Comparison of Consistent and Infrequent Condom Users Among University Students in Thohoyandou, South Africa
Dana Kiernan & Neeka Nazari
Sexual and reproductive health affects an individual's ability to live a healthy and safe sexual life. Many factors influence sexual health and relationships, including societal and familial values, religion, social determinants, gender, and socioeconomic status. This paper addresses condom use as an avenue to sexual health among female university students in Limpopo, South Africa, at the University of Venda (UNIVEN).
Using both a quantitative survey and qualitative interviews, we looked for systematic differences between participants who reported consistent condom use and those who reported infrequent condom use.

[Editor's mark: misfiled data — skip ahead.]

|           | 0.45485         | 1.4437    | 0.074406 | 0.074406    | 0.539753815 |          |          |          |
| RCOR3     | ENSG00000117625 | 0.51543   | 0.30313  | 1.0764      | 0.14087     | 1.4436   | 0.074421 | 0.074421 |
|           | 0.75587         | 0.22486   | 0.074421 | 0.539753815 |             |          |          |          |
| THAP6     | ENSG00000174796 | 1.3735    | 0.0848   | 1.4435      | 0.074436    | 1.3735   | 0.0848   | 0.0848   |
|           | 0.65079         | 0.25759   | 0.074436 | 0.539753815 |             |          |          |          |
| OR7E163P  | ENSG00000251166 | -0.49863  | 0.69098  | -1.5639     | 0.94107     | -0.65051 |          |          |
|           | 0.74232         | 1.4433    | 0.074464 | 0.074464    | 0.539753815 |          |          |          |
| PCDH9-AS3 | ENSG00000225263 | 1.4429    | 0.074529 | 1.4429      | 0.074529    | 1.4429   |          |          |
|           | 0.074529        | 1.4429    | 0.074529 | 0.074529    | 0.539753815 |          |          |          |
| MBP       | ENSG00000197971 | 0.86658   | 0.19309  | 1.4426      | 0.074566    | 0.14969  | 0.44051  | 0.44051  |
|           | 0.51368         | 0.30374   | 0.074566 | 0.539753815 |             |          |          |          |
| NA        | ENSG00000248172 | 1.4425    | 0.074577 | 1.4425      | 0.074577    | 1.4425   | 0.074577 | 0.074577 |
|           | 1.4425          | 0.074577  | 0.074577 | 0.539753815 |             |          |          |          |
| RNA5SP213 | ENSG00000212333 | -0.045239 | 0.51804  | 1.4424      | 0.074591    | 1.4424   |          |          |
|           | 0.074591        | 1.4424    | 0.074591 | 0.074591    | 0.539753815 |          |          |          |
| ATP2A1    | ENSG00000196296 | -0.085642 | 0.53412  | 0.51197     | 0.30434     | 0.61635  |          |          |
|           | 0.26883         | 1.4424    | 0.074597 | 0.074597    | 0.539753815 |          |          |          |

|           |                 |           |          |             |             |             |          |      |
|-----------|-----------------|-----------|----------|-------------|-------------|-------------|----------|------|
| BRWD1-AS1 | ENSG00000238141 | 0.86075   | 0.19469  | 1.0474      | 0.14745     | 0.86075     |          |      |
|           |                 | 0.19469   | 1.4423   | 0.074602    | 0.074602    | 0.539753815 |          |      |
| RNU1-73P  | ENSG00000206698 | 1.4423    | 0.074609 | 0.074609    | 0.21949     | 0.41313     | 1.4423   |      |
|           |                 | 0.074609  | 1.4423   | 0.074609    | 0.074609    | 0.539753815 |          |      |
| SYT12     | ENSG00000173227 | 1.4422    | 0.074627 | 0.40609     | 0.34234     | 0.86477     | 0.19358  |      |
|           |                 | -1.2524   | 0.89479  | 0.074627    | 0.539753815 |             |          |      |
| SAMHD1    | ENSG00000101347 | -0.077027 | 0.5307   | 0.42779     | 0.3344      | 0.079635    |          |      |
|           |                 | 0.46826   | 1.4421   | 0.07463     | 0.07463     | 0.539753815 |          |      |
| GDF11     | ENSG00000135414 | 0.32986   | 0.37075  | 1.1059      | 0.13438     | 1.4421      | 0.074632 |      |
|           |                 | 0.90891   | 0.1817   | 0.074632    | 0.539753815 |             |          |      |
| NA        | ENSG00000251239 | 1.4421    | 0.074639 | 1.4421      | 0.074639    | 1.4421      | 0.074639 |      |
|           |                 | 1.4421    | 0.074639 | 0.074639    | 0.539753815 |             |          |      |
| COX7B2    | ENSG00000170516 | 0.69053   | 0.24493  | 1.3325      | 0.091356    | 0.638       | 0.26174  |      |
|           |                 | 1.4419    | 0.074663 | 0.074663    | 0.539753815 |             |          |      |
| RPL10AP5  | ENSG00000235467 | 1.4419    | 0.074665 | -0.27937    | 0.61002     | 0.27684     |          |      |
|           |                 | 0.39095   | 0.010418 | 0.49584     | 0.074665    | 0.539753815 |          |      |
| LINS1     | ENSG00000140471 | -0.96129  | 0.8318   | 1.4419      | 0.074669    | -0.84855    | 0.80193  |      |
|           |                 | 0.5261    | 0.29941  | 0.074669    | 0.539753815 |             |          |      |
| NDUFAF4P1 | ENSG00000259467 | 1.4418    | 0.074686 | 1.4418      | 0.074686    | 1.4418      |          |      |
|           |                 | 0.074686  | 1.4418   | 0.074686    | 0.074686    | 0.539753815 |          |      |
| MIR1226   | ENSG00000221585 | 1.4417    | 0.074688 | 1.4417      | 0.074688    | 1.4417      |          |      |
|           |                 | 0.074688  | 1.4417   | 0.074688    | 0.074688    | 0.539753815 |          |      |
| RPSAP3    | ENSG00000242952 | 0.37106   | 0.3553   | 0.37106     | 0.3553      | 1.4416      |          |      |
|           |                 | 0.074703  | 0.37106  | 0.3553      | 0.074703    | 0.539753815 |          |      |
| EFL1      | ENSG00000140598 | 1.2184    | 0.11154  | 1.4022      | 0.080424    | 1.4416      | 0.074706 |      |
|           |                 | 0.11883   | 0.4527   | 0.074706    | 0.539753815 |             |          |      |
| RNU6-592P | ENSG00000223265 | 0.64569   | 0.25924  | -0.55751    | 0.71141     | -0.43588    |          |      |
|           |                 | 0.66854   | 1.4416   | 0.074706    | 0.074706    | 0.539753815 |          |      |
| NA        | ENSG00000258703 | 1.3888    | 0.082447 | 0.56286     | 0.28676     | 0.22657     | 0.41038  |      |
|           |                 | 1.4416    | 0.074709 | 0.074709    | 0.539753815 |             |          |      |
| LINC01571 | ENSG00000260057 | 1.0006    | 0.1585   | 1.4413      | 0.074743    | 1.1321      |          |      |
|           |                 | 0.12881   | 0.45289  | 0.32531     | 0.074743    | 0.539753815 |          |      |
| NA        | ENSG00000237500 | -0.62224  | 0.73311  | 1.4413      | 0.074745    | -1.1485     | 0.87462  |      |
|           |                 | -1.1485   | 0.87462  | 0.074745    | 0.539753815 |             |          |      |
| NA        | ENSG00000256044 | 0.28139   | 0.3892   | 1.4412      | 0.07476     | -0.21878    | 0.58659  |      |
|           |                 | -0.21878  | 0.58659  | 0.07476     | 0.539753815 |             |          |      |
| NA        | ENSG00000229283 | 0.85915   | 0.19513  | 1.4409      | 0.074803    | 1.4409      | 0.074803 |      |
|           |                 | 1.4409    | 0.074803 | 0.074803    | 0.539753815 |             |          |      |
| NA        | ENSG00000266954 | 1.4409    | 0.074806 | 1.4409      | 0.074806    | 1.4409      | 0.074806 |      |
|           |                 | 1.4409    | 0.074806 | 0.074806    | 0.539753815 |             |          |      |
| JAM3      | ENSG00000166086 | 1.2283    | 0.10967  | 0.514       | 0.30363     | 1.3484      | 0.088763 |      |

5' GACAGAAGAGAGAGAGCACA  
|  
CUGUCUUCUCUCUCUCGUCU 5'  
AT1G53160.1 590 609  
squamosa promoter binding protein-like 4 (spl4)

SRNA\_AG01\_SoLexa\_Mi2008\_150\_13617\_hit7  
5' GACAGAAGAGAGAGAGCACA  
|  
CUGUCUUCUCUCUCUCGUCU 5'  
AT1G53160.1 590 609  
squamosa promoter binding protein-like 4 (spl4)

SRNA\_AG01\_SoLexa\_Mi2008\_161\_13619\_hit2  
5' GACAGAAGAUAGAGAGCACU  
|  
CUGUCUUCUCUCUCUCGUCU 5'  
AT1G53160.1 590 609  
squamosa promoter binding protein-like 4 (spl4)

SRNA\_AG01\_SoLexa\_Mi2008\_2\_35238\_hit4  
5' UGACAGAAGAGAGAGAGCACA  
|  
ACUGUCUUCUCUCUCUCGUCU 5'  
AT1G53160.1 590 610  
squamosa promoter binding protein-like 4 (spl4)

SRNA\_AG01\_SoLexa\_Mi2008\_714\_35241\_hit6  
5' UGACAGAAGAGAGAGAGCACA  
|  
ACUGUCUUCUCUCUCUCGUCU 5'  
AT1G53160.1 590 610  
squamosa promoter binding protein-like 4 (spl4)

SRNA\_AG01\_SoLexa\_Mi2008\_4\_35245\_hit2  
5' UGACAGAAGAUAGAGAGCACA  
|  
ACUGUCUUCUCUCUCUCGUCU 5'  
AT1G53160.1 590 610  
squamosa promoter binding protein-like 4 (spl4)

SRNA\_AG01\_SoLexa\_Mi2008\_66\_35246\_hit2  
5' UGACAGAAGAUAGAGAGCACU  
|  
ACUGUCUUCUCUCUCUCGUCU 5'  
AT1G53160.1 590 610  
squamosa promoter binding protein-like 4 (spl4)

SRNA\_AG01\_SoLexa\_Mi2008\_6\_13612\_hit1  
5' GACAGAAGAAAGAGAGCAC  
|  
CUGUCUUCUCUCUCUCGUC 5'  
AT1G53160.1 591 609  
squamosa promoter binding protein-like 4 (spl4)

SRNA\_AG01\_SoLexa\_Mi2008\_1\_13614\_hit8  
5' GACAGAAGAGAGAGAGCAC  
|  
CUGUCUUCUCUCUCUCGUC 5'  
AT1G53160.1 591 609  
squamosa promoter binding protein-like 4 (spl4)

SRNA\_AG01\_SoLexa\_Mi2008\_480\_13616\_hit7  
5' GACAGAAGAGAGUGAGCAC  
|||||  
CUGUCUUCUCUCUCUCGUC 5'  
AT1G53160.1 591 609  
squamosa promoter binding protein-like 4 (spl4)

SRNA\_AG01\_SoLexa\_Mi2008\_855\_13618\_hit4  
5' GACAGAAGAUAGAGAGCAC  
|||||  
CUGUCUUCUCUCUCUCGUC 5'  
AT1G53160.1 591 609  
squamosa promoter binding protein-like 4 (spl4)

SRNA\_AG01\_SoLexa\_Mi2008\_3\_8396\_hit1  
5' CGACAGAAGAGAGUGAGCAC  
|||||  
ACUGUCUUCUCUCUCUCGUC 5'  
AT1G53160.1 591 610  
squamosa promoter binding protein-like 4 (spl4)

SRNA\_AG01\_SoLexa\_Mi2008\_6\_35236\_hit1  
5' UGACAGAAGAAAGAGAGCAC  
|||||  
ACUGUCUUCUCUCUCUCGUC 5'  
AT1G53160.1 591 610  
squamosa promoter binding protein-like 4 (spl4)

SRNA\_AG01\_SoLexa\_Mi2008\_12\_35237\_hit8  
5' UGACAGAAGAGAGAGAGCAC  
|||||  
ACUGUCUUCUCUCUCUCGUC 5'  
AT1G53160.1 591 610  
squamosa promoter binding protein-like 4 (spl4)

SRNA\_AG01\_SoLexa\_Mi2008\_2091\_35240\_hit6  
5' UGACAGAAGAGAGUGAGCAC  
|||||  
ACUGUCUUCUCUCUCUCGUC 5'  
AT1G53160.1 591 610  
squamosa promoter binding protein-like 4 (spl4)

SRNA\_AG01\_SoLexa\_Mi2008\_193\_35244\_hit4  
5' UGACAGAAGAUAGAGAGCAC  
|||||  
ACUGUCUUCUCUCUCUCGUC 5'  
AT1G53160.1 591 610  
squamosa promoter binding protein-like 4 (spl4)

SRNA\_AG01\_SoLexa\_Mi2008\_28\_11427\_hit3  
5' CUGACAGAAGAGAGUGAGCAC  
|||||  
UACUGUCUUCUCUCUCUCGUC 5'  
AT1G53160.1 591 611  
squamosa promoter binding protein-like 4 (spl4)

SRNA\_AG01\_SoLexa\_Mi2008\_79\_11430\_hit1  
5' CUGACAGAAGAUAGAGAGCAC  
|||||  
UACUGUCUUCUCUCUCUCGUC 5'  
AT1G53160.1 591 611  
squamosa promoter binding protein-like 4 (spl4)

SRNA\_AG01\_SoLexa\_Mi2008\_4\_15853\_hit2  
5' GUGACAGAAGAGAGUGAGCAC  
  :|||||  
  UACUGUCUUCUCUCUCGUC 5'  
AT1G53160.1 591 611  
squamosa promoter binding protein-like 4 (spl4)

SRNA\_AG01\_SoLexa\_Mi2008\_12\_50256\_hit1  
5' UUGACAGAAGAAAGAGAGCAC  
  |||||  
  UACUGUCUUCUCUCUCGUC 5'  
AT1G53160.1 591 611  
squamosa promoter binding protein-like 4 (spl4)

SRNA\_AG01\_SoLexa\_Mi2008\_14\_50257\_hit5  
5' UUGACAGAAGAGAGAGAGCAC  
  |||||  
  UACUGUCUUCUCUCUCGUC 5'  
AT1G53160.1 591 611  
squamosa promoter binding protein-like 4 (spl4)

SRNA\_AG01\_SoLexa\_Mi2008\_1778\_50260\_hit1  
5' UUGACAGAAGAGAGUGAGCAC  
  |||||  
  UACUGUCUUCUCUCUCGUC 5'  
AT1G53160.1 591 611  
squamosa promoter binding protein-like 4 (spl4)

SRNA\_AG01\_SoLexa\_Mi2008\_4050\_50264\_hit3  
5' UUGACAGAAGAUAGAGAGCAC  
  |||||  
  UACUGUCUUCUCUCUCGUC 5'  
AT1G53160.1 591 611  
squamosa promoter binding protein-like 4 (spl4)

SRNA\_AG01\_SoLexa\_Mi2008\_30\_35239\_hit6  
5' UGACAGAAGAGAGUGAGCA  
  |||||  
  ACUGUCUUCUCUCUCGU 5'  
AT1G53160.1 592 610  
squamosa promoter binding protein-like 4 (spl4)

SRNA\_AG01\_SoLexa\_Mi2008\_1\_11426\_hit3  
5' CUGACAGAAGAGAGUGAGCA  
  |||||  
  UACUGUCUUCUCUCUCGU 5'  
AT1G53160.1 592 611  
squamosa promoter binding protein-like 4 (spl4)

Of the 38 female participants, 20 were sexually active. Seven reported consistent condom use, and 13 reported inconsistent use. We did not find statistically significant differences between the two groups, likely due to the small and relatively homogenous sample. However, participants’ responses pointed to cultural and societal factors that impact condom use. These factors include gender inequality and power dynamics within relationships, perceived negative views of condom use in long-term relationships, views on safe sex in long-term relationships, and the threat of violence in relationships. Discussion Though our research focused on women, any policy or intervention developed to promote consistent and sustained condom use in long-term relationships should also include men, as men play a critical role in disrupting or improving women’s current social standing, and increasing equality within relationships.